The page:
The question contains two still-unknown variables: the extent of the team’s willingness to hire back the popular ex-skipper at the end of his one-year suspension and the status of MLB’s 2020 season amid the ongoing novel coronavirus pandemic, with little clarity as to how — or whether — games can begin.
But what is undeniable is that the circumstances have lined up to make a reunion between Cora and the Red Sox feasible, if not exactly palatable.
Commissioner Rob Manfred’s investigative report into the 2018 Red Sox — who, in Cora’s first season as manager, won the World Series — absolved Cora of any blame in the sign stealing, which Manfred described as limited both in scope and frequency. Only video operator J.T. Watkins and a “limited number of Red Sox players” were involved, Manfred found.
“I do not find that Cora or any member of the Red Sox [coaching] staff either knew or should have known that Watkins was utilizing in-game video to update the information that he had learned from his pregame analysis,” Manfred wrote.
Manfred nonetheless suspended Cora for the 2020 regular season and postseason but only for his involvement in the Houston Astros’ scheme in 2017 — when, as the Astros’ bench coach, he was found to have been one of the key figures behind a much more complex and widespread effort to decode signs during games and relay them in real time to Astros hitters. Manfred had delayed Cora’s punishment for that scheme until he completed his investigation into the Red Sox.
The Red Sox, however, chose not to wait, firing Cora in January — though it was described by the team as a mutual parting of ways — in the wake of the Astros report. He was replaced on an interim basis by Ron Roenicke, formerly Boston’s bench coach.
At the time, Cora was an exceptionally popular figure, both within and outside the Red Sox organization, and the team’s top officials made no attempt to hide their personal affection for Cora and their anguish over having to dismiss him.
“This is a sad day for us,” the team’s ownership said in a statement following Cora’s dismissal. “Alex is a special person and a beloved member of the Red Sox. We are grateful for his impact on our franchise. We will miss his passion, his energy and his significant contributions to the communities of New England and Puerto Rico.”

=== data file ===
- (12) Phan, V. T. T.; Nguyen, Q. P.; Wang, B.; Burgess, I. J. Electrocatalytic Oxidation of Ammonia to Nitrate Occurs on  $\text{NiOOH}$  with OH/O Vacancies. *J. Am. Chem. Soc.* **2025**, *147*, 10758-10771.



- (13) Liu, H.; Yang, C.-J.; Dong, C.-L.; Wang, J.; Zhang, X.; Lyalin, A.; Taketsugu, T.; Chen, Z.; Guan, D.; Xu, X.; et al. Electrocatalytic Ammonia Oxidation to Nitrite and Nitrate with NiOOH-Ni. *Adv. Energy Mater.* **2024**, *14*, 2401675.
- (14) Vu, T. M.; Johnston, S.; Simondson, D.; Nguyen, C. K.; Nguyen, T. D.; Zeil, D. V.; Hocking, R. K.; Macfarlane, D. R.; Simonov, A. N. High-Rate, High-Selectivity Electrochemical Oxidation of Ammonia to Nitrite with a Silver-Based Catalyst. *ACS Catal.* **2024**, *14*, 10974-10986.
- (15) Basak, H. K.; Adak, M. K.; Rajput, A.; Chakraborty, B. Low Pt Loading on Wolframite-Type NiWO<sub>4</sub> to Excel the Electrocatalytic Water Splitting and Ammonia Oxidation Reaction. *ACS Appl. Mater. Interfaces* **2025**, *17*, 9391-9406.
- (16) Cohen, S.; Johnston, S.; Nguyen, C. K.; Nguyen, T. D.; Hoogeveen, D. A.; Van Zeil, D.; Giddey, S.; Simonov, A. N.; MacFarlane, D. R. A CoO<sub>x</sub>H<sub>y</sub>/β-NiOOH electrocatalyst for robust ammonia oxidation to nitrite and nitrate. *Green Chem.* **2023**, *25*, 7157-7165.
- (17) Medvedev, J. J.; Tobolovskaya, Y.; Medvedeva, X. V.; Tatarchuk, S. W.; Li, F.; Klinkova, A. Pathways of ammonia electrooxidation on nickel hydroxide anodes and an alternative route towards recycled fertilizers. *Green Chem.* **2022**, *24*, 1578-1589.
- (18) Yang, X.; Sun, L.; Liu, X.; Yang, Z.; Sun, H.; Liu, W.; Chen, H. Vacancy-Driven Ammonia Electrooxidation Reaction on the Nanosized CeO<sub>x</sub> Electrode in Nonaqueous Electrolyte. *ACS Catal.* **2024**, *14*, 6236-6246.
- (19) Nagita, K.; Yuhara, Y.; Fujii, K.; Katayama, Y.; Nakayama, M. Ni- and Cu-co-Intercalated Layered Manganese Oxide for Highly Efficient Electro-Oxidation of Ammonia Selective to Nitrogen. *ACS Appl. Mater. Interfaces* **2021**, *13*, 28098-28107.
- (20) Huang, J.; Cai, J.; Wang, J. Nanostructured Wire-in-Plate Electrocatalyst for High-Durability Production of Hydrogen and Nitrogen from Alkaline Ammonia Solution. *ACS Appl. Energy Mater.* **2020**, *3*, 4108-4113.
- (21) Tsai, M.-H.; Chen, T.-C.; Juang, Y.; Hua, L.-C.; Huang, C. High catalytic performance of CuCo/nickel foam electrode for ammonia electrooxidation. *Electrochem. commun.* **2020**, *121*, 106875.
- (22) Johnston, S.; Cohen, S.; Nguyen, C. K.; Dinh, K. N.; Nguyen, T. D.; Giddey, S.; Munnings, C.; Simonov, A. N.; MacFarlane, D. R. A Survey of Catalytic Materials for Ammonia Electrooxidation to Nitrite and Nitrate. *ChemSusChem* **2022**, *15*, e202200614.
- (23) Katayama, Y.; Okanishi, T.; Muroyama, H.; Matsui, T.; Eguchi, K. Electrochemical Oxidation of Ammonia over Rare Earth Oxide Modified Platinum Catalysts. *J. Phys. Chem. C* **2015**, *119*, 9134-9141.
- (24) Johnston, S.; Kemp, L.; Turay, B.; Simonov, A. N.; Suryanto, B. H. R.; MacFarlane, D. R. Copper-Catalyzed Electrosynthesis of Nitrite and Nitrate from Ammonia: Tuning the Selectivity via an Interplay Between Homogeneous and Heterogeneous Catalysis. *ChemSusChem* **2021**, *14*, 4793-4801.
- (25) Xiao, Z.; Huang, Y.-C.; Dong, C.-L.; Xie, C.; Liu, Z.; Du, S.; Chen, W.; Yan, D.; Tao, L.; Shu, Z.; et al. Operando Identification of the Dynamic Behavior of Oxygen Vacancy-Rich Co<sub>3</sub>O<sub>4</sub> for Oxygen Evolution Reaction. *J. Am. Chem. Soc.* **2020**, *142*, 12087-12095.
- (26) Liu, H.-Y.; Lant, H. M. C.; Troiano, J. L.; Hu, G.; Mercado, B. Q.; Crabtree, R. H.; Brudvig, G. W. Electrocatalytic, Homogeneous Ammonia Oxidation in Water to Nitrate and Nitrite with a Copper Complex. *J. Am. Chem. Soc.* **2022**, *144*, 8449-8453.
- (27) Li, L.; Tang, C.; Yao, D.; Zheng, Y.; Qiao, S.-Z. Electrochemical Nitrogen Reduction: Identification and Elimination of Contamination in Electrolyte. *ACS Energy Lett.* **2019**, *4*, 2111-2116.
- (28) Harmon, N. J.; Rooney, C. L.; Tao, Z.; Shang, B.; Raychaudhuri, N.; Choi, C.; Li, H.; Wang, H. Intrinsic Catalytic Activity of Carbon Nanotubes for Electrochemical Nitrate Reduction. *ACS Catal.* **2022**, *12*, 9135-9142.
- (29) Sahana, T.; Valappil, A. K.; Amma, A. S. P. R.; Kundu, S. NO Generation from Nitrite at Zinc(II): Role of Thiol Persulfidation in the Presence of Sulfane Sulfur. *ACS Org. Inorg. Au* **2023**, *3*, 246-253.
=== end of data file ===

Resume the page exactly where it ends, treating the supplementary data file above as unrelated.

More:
Cora, who has spent the past three months largely out of public view, remains unemployed. His suspension is tied to the MLB calendar, as opposed to a specific number of games, and runs through the end of the 2020 World Series, a time frame that is expected to remain in place no matter the status — delayed, shortened or wiped out completely — of the 2020 season. Many have speculated he could return to ESPN, where he worked as an analyst from 2013 to 2016, as a path to repair his image and pave his way for a return to managing.
In the wake of Wednesday’s report, the Red Sox removed the interim tag from Roenicke. But notably, his contract to manage the Red Sox runs only through 2020.
“The fact that [Roenicke’s] contract runs through 2020 certainly doesn’t mean that he can’t or won’t manage us beyond that,” Red Sox chief baseball officer Chaim Bloom told reporters on a conference call Wednesday night. “We thought that we were best served, given the uniqueness of the situation, managing the length of the existing contract.”
Asked specifically about a reunion between the Red Sox and Cora, Bloom said, “All the reasons that we parted ways with him [in January] are still the case.”
Red Sox President Sam Kennedy, asked about Cora on the same conference call, said he believes Cora deserves a second chance, though he stopped short of saying it should come with the Red Sox.
“I do. That’s my personal feeling,” Kennedy said. “He does need to go through a rehab process. What he did was wrong. He acknowledged that to us and apologized to us. I’m a big believer in second chances, so we all wish him well.”
On the surface, Cora is in the same situation as his former bosses in Houston, ex-Astros manager A.J. Hinch and ex-general manager Jeff Luhnow. Both were suspended by Manfred for a year for failing to stop the Astros’ scheme in 2017, and both were subsequently fired by ownership in the wake of that report. Both, at least theoretically, would be eligible to return in 2021, even if there is no 2020 season.
However, the significant differences between the 2017 Astros and 2018 Red Sox findings, as spelled out by Manfred, could make Cora a more palatable option for teams — perhaps even the Red Sox themselves — than would be Hinch, who has acknowledged he was aware of the Astros’ scheme and should have done more to stop it. While it’s true Cora was a hands-on perpetrator of the 2017 Astros wrongdoing, as a first-year bench coach he was more aligned with the players in the clubhouse than with the team’s management.
The Red Sox clearly care about optics, as demonstrated when they parted ways with Cora in January over the Astros’ scheme without waiting for the investigation into the 2018 Red Sox allegations, and the team’s top management made it clear Wednesday that now is not the time to consider or discuss a reunion with him.
But will their stance be the same six months down the road? At a volatile time when baseball is desperate for a way forward through what is arguably the greatest crisis it has faced, that feels like a lifetime away.
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